This rule takes many forms in publishing, everything from a style guide to marketing rights. Be careful!

Keep Growing
I’ve always thought any writing I did would benefit all the writing I did. I started writing for weekly newspapers, moved to dailies, wrote technical material, marketing material, trade technicals, magazine articles and sold some short stories. When onlines arrived, I wrote for several.

Did it help my writing? Don’t honestly know, except that it kept me writing. I think I needed to do all that writing to get the crap out of my system, to convince me that I needed to know more, to learn more, to grow to become the class of writer i’ve always wanted to be.

Are you satisfied with your writing? Good for you. I’m happy for you.

I’m both satisfied and unsatisfied with my level of writing. I like it, I think it’s good and worthwhile reading, and I know I can do better.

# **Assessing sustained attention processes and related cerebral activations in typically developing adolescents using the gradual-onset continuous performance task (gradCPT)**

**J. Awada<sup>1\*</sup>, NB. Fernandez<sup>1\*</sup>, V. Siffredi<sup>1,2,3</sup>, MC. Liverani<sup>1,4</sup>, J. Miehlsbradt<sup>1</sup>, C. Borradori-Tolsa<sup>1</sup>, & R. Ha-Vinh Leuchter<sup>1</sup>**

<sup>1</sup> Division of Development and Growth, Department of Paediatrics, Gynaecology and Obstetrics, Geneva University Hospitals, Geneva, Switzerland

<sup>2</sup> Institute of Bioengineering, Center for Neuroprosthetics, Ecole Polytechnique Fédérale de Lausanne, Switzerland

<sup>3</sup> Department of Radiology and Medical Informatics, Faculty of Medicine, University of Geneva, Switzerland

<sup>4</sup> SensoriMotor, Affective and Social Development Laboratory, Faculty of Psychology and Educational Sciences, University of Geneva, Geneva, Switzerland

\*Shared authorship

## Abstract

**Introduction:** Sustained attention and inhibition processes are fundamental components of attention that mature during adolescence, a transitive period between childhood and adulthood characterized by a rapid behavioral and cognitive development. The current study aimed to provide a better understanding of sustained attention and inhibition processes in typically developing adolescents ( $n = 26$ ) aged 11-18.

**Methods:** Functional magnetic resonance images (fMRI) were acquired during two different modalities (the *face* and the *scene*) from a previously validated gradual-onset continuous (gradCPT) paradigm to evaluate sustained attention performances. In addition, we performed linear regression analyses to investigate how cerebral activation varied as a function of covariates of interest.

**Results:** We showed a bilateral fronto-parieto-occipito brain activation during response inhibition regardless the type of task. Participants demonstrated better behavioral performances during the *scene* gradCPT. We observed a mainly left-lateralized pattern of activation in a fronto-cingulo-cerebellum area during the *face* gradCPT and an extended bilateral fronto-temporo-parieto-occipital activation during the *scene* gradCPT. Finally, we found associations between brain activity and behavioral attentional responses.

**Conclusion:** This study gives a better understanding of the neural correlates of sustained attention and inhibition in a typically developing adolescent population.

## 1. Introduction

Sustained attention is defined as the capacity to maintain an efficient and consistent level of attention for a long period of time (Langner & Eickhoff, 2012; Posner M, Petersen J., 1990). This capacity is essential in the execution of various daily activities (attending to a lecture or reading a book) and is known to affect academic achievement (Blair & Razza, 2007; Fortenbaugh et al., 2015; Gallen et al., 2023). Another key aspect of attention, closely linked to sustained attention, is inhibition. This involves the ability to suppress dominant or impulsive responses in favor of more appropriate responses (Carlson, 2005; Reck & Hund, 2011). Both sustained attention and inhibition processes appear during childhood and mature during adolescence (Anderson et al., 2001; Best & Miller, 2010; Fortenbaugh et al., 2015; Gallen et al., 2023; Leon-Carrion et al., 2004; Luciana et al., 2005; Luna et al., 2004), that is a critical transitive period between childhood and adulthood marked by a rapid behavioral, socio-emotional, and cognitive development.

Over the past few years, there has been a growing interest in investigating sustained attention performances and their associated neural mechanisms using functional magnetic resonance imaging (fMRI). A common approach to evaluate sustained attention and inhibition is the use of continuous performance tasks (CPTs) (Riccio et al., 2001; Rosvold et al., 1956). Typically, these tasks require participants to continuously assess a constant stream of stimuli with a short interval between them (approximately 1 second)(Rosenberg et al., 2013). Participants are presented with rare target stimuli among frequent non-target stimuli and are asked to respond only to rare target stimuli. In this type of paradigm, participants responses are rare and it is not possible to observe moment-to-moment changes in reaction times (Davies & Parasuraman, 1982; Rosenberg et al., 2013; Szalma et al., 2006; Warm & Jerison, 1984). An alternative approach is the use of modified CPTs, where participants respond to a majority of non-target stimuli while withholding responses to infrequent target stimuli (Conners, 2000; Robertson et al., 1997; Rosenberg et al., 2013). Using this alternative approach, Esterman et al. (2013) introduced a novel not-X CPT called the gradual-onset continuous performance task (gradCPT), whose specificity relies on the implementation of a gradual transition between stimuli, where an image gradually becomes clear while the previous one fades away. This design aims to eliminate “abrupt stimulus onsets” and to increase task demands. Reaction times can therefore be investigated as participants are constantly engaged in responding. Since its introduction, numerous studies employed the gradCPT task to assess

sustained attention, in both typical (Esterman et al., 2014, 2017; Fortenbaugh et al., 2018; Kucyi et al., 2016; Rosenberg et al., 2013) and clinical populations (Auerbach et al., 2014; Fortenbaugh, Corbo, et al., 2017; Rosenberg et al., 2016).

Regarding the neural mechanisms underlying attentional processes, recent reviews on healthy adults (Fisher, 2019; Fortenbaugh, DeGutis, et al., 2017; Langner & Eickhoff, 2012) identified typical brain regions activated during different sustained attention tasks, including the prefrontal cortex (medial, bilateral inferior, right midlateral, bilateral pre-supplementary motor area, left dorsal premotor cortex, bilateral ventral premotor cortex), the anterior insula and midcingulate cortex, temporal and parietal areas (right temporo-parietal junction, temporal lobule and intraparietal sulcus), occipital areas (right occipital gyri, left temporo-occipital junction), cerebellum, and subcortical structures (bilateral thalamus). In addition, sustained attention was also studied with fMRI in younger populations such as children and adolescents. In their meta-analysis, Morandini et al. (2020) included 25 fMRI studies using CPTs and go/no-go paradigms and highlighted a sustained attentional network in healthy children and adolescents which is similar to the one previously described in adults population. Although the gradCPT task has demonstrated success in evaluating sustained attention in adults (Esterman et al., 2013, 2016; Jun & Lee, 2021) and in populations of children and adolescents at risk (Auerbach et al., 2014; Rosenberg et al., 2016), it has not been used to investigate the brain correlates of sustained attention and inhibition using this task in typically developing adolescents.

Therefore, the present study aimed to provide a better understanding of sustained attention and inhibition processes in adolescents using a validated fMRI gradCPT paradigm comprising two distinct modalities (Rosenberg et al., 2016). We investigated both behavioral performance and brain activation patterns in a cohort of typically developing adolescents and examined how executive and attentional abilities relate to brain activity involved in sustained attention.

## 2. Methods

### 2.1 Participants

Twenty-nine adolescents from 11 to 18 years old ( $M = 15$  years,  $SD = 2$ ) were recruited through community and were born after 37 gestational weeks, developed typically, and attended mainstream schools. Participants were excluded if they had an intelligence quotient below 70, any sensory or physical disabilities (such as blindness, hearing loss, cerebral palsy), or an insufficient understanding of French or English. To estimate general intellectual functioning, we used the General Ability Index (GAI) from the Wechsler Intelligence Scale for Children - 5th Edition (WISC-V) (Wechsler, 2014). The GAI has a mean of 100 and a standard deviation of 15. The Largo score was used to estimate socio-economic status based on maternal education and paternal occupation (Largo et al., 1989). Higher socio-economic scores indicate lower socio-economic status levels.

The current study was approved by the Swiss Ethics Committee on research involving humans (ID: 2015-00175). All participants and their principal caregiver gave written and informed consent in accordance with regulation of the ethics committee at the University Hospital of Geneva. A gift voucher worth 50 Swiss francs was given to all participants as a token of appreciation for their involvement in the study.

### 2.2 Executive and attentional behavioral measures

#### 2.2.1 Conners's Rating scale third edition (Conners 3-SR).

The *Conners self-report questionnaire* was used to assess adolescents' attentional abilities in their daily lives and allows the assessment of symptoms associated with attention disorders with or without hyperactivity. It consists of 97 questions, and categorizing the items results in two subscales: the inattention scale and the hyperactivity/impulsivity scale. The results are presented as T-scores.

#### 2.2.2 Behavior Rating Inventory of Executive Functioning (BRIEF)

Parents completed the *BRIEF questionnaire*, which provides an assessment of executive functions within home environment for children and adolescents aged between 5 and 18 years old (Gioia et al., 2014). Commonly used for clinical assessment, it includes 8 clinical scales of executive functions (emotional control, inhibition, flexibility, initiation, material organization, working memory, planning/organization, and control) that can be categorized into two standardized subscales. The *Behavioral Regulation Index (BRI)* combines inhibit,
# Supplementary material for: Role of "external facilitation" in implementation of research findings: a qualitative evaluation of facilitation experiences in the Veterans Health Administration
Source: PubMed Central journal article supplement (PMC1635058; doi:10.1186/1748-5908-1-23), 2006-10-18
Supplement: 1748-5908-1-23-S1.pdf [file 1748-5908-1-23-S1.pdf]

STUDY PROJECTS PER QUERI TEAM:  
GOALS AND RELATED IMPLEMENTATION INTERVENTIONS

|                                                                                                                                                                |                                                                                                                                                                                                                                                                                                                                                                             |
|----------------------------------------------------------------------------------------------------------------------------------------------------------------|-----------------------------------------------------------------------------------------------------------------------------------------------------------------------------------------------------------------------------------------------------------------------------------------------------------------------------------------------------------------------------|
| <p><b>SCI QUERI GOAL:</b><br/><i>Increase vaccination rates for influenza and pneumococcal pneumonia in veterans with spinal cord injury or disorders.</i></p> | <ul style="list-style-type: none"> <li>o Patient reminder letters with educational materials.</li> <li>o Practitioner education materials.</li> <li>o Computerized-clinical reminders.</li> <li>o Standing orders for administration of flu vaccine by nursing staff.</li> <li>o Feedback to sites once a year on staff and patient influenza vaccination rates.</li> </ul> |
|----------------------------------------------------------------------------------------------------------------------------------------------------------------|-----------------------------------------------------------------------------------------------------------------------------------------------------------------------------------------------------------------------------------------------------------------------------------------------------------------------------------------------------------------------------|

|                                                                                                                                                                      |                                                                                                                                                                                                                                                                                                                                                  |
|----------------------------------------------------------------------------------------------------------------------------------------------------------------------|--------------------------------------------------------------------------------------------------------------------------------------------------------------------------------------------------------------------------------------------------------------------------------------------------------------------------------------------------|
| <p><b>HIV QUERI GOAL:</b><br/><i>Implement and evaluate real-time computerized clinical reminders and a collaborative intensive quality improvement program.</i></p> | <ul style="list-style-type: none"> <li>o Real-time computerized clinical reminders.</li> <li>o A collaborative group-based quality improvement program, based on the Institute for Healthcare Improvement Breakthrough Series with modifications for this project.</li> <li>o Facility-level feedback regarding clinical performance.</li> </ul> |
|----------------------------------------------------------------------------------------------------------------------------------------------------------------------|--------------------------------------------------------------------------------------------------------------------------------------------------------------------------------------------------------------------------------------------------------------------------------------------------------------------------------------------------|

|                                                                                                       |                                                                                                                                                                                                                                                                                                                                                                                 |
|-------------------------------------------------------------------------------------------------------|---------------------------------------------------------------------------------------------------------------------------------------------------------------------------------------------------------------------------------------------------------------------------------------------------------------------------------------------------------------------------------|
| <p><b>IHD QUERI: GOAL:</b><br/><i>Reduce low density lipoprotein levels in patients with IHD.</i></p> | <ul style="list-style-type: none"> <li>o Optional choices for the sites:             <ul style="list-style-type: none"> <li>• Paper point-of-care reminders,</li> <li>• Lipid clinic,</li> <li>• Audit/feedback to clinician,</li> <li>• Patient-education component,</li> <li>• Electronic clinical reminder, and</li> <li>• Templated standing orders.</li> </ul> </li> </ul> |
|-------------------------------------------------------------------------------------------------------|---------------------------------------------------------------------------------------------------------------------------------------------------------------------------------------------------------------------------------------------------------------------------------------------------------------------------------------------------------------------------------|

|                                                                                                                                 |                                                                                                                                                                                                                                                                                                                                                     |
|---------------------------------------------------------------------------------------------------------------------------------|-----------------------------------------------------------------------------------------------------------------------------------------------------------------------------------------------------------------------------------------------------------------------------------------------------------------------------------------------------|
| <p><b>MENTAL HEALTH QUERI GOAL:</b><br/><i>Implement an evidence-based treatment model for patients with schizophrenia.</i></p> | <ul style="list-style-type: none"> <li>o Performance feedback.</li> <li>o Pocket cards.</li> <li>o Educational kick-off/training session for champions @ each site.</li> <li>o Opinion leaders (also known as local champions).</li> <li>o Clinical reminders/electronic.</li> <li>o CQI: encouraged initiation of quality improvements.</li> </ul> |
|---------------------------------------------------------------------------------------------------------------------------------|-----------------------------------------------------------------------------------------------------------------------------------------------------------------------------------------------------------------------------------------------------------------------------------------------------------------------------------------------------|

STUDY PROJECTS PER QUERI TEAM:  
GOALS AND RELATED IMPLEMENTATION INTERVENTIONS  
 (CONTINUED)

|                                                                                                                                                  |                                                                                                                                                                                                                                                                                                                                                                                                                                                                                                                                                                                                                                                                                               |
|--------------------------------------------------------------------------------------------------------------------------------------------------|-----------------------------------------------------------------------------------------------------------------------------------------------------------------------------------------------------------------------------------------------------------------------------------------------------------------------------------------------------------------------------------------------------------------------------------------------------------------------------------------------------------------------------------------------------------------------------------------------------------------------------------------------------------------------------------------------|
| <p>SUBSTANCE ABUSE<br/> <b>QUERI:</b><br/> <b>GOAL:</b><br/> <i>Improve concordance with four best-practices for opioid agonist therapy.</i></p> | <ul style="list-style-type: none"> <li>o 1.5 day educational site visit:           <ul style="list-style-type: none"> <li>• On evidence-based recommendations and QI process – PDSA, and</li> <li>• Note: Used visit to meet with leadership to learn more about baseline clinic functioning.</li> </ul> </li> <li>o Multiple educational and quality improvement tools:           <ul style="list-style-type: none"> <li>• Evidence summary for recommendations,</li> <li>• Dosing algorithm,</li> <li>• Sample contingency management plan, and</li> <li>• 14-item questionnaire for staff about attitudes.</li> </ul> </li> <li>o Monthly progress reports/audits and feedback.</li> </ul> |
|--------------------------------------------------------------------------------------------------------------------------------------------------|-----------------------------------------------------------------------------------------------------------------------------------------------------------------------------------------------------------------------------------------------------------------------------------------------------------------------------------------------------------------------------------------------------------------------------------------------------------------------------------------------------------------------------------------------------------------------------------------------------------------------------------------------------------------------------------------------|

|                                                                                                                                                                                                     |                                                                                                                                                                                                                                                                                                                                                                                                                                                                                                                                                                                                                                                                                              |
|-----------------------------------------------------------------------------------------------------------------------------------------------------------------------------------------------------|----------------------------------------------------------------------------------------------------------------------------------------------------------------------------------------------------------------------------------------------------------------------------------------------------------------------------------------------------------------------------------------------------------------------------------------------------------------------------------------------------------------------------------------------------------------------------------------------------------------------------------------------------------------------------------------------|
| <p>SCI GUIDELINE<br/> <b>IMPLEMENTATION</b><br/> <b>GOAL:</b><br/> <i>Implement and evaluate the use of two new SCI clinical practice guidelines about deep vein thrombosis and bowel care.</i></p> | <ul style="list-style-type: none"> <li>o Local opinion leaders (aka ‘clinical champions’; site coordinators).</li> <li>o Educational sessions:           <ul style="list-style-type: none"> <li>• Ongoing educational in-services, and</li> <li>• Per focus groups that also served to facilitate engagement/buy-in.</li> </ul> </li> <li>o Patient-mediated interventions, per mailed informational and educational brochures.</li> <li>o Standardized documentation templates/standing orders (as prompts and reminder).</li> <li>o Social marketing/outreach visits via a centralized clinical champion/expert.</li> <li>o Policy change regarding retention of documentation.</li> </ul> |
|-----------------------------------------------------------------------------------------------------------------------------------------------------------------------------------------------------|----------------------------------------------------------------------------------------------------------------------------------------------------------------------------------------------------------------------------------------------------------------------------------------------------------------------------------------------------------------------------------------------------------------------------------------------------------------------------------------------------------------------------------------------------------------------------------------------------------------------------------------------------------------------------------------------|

I think today’s small, indie, POD and such publishers are the weekly newspapers and such of our time (in addition to giving us some street cred, agenting us and so on). They help you get the crap out of your system, give you some sales credentials and, if you write well and/or your book does well, get you noticed by larger publishers (that’s the agenting part).

But the trick is to stay hungry (there’s a lot to learn about writing in the movie, Stay Hungry, and I use the phrase often), to keep growing. Purely my opinion.

Are you satisfied with your writing and see no need to improve. Wow. I’m impressed. You’ve got chops I can only dream of.

But as for myself, I’ll keep growing.